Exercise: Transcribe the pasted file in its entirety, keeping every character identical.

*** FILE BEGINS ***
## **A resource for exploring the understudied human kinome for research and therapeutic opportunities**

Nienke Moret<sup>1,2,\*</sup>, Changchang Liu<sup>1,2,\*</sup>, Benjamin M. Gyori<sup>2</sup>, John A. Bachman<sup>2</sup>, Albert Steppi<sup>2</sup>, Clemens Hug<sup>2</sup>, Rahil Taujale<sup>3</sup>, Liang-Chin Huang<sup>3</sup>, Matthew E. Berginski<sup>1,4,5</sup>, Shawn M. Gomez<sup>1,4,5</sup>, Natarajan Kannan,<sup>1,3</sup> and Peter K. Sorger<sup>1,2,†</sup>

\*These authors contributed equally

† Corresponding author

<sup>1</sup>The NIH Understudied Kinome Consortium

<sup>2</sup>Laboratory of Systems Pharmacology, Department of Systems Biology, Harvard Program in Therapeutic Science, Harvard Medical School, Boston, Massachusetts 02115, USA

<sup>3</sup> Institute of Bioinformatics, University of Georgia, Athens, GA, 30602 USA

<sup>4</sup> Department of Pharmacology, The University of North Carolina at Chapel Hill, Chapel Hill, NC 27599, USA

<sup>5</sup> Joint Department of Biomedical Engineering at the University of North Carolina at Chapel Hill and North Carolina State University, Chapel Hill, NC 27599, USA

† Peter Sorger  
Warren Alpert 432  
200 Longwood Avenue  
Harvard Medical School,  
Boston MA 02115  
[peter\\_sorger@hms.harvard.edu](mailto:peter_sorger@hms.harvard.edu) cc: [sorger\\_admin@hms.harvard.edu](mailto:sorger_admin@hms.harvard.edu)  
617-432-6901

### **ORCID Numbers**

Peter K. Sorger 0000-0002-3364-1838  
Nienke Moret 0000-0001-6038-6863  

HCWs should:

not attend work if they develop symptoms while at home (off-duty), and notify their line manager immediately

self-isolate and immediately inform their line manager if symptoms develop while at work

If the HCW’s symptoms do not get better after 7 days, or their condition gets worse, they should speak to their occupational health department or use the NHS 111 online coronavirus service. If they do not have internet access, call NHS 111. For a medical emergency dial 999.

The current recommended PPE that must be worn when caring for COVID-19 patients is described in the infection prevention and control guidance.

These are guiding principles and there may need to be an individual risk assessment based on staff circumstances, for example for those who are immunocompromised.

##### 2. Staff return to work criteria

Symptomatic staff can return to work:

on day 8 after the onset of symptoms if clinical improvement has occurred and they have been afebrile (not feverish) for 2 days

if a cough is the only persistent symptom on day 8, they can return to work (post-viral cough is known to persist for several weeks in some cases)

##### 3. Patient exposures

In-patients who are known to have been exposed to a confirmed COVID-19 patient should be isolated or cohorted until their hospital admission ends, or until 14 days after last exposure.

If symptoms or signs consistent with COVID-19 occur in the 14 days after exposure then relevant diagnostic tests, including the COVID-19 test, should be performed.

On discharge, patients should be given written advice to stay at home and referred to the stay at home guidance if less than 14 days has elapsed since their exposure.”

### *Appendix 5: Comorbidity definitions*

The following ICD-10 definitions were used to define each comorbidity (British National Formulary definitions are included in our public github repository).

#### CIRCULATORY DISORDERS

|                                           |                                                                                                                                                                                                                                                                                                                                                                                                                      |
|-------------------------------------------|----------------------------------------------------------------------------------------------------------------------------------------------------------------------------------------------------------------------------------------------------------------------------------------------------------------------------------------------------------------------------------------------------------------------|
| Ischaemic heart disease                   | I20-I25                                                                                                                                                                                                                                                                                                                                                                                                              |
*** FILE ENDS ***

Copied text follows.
## **A resource for exploring the understudied human kinome for research and therapeutic opportunities**

Nienke Moret<sup>1,2,\*</sup>, Changchang Liu<sup>1,2,\*</sup>, Benjamin M. Gyori<sup>2</sup>, John A. Bachman<sup>2</sup>, Albert Steppi<sup>2</sup>, Clemens Hug<sup>2</sup>, Rahil Taujale<sup>3</sup>, Liang-Chin Huang<sup>3</sup>, Matthew E. Berginski<sup>1,4,5</sup>, Shawn M. Gomez<sup>1,4,5</sup>, Natarajan Kannan,<sup>1,3</sup> and Peter K. Sorger<sup>1,2,†</sup>

\*These authors contributed equally

† Corresponding author

<sup>1</sup>The NIH Understudied Kinome Consortium

<sup>2</sup>Laboratory of Systems Pharmacology, Department of Systems Biology, Harvard Program in Therapeutic Science, Harvard Medical School, Boston, Massachusetts 02115, USA

<sup>3</sup> Institute of Bioinformatics, University of Georgia, Athens, GA, 30602 USA

<sup>4</sup> Department of Pharmacology, The University of North Carolina at Chapel Hill, Chapel Hill, NC 27599, USA

<sup>5</sup> Joint Department of Biomedical Engineering at the University of North Carolina at Chapel Hill and North Carolina State University, Chapel Hill, NC 27599, USA

† Peter Sorger  
Warren Alpert 432  
200 Longwood Avenue  
Harvard Medical School,  
Boston MA 02115  
[peter\\_sorger@hms.harvard.edu](mailto:peter_sorger@hms.harvard.edu) cc: [sorger\\_admin@hms.harvard.edu](mailto:sorger_admin@hms.harvard.edu)  
617-432-6901

### **ORCID Numbers**

Peter K. Sorger 0000-0002-3364-1838  
Nienke Moret 0000-0001-6038-6863  

HCWs should:

not attend work if they develop symptoms while at home (off-duty), and notify their line manager immediately

self-isolate and immediately inform their line manager if symptoms develop while at work

If the HCW’s symptoms do not get better after 7 days, or their condition gets worse, they should speak to their occupational health department or use the NHS 111 online coronavirus service. If they do not have internet access, call NHS 111. For a medical emergency dial 999.

The current recommended PPE that must be worn when caring for COVID-19 patients is described in the infection prevention and control guidance.

These are guiding principles and there may need to be an individual risk assessment based on staff circumstances, for example for those who are immunocompromised.

##### 2. Staff return to work criteria

Symptomatic staff can return to work:

on day 8 after the onset of symptoms if clinical improvement has occurred and they have been afebrile (not feverish) for 2 days

if a cough is the only persistent symptom on day 8, they can return to work (post-viral cough is known to persist for several weeks in some cases)

##### 3. Patient exposures

In-patients who are known to have been exposed to a confirmed COVID-19 patient should be isolated or cohorted until their hospital admission ends, or until 14 days after last exposure.

If symptoms or signs consistent with COVID-19 occur in the 14 days after exposure then relevant diagnostic tests, including the COVID-19 test, should be performed.

On discharge, patients should be given written advice to stay at home and referred to the stay at home guidance if less than 14 days has elapsed since their exposure.”

### *Appendix 5: Comorbidity definitions*

The following ICD-10 definitions were used to define each comorbidity (British National Formulary definitions are included in our public github repository).

#### CIRCULATORY DISORDERS

|                                           |                                                                                                                                                                                                                                                                                                                                                                                                                      |
|-------------------------------------------|----------------------------------------------------------------------------------------------------------------------------------------------------------------------------------------------------------------------------------------------------------------------------------------------------------------------------------------------------------------------------------------------------------------------|
| Ischaemic heart disease                   | I20-I25                                                                                                                                                                                                                                                                                                                                                                                                              |